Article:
1. Good overview. This is tangential to the thrust of your post, but I'd argue that there is a 7th pitfall. I think social media is a bit of a Trojan horse for academia. While the benefits are unquestionable, they carry with them a high cost. Increasing incorporation of social media into academic practice results in an extreme acceleration in speed and quantity. It has become one of the many 'extras' that academics ignore at their peril. And consequently all the usual inequalities and structural disadvantages are compounded. Female academics trying to hold onto a career while raising children will be even further excluded. Early career academics who are getting by on fixed term teaching contracts while trying to research on the side will struggle. Some uses of social media are not particularly demanding of time, but active blogging and discussion online definitely is so. The 'speeding up' also has repercussions. If we're required to produce more material, more frequently, in more constrained word limits, is it so far fetched to think that we might begin to suffer some of the problems that have plagued journalism over the last 30 years? A trade off between quality and quantity is likely to apply, not so much at the individual level, but the aggregate. We also need to think about how it will bias measures of success. It is already the case that some of the most recognised academics are successful because of their style, turn of phrase and 'charisma'. (Read: their cultural capital). Increasing incorporation of social media will privilege the most engaged and visible, and exacerbate the degree to which others are overlooked, irrespective of whether their research is of higher quality. And we should expect to see definite patterns of inequality with respect to which people shine through this medium. Finally, the simple matter of fact is that this sort of engagement is free labour. And the more we advance a culture in which these additional practices are expected in academia, the more we are being exploited.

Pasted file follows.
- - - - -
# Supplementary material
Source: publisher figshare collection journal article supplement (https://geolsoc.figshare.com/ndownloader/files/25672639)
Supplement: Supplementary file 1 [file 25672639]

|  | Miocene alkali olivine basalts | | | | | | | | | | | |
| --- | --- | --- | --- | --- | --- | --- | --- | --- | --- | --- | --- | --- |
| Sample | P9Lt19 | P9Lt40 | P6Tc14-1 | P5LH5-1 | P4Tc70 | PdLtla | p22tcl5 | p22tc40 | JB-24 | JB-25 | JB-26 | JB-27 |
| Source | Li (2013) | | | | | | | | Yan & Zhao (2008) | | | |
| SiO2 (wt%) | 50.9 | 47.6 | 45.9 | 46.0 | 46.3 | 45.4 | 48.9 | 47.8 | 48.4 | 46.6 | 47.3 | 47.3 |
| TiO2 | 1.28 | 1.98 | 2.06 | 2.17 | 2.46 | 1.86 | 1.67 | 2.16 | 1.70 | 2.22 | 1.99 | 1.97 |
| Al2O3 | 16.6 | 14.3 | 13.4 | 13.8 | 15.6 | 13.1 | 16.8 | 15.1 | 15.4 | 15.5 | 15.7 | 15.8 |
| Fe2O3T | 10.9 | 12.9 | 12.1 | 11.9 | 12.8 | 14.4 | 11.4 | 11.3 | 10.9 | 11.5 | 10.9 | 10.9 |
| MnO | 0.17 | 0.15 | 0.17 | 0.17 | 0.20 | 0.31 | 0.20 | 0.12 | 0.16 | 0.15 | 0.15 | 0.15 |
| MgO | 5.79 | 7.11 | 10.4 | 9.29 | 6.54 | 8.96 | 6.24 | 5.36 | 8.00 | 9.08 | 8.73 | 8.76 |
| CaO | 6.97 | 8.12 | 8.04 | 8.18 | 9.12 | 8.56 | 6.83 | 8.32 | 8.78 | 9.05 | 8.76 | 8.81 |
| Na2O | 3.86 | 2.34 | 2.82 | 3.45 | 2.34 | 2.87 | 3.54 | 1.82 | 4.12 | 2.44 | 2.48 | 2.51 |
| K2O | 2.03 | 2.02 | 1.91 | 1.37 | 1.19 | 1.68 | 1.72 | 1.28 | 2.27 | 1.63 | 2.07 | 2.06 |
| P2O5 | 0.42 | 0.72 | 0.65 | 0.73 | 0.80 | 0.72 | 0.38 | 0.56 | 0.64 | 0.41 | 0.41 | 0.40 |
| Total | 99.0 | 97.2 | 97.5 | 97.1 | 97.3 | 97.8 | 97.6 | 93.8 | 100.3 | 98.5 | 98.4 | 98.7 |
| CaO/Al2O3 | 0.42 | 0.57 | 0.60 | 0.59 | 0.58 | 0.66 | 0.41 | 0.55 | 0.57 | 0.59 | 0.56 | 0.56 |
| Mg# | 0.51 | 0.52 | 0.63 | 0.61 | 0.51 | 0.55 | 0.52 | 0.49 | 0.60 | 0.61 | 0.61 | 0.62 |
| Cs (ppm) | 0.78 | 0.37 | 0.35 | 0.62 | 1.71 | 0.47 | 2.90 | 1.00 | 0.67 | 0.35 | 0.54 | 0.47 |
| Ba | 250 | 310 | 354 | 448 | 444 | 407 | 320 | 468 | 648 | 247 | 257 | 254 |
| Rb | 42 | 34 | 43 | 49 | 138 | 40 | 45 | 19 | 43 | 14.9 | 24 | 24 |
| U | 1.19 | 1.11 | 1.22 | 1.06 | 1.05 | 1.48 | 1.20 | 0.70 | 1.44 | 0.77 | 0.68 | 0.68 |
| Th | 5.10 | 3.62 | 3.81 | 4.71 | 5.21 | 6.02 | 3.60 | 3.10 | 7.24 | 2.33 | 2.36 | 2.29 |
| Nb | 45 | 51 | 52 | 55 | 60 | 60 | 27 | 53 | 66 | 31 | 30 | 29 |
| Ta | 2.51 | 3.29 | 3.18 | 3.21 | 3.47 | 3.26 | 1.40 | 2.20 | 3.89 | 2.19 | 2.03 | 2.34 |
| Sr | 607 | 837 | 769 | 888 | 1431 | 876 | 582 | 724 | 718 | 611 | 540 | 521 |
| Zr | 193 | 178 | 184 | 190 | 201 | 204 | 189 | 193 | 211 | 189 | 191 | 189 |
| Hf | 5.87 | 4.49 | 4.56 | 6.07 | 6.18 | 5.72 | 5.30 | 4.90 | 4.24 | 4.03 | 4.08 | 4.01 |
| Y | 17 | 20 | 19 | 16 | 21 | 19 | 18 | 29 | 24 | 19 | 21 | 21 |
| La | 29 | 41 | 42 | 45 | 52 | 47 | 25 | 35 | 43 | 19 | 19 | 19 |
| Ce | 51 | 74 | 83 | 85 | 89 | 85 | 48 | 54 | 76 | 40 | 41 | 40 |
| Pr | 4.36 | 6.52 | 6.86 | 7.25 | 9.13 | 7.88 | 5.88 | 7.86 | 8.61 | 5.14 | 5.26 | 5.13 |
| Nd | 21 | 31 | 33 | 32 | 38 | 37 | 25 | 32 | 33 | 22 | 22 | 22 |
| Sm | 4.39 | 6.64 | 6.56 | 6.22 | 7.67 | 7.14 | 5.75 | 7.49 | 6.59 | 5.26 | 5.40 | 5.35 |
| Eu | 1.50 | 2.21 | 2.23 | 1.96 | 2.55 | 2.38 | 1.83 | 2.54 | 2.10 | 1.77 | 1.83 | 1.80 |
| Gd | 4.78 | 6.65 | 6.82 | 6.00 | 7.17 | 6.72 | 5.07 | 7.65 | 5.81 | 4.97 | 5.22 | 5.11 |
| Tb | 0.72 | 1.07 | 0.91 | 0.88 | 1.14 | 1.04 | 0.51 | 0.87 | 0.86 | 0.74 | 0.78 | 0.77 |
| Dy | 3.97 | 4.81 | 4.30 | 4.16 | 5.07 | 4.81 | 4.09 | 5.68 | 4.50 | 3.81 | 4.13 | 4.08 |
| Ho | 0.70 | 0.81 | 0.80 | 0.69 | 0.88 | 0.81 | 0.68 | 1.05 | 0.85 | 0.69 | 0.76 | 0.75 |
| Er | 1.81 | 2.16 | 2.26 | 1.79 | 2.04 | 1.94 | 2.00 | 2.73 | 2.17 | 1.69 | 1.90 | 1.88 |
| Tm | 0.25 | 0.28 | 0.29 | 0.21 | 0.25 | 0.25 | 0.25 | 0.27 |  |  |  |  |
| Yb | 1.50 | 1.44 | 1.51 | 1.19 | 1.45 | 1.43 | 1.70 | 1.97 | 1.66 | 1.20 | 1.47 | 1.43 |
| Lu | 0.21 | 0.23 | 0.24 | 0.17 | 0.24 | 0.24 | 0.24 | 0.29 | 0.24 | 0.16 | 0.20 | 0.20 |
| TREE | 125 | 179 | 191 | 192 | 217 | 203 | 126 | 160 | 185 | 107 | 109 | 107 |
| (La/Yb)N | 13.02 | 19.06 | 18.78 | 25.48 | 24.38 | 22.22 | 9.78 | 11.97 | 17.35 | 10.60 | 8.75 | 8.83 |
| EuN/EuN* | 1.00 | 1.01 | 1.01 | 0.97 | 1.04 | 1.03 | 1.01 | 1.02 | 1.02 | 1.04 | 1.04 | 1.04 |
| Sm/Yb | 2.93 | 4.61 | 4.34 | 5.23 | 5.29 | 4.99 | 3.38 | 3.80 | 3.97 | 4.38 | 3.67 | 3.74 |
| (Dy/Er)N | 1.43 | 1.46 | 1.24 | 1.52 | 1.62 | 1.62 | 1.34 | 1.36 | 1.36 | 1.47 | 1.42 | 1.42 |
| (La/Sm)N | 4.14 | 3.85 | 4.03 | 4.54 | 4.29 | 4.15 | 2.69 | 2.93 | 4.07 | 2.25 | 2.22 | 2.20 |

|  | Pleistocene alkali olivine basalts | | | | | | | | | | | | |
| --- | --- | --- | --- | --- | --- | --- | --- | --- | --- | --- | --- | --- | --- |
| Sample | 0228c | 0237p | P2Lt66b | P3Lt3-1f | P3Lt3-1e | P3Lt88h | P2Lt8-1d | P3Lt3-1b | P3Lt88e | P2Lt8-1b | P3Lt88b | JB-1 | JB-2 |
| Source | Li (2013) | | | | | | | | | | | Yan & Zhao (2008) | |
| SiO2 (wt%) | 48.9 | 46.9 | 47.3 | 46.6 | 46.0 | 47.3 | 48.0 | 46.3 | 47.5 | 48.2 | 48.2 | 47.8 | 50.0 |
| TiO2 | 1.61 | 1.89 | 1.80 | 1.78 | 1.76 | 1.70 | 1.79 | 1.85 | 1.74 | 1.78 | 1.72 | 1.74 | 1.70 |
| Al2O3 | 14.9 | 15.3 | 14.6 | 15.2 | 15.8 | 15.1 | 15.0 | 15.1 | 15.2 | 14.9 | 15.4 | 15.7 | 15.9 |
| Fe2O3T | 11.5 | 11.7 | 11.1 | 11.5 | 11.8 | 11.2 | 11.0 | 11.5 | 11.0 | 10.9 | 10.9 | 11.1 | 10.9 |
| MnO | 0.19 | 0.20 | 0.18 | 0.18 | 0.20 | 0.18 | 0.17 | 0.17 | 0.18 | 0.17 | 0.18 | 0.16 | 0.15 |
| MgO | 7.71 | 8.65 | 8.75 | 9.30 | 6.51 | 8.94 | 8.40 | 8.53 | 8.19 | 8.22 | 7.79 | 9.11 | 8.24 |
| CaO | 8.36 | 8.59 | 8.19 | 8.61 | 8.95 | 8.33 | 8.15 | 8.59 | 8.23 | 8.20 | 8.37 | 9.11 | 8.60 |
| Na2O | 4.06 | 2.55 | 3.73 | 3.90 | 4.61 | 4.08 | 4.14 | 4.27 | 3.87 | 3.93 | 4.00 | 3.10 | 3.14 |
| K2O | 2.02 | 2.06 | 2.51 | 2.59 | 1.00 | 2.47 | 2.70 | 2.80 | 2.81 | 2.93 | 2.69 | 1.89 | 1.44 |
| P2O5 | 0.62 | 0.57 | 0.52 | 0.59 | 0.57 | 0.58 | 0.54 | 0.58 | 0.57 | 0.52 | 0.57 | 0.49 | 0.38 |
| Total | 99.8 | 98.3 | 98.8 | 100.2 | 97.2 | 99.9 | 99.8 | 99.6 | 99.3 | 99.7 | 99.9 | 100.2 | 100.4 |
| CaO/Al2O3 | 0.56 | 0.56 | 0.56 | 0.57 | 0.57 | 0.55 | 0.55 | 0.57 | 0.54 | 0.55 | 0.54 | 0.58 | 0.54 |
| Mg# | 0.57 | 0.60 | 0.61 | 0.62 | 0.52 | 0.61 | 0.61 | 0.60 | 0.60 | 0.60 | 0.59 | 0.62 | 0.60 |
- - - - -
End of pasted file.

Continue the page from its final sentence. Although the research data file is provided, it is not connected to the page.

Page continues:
Of course this has very little to do with the value of social media for any individual early career academic or PhD student. We have already progressed to a state where engagement is essential. The above commentary is not meant to advocate disengagement. And I would like to reiterate my appreciation for the many benefits that social media brings to the table. All we can do at this stage is to be aware and reflexive, and to start having a conversation about how far academia is 'buying into' a late modern hamster wheel of unsustainable output, frequently demanding substantial amounts of free labour. Perhaps if we're critical and aware, we can reduce some of the damage.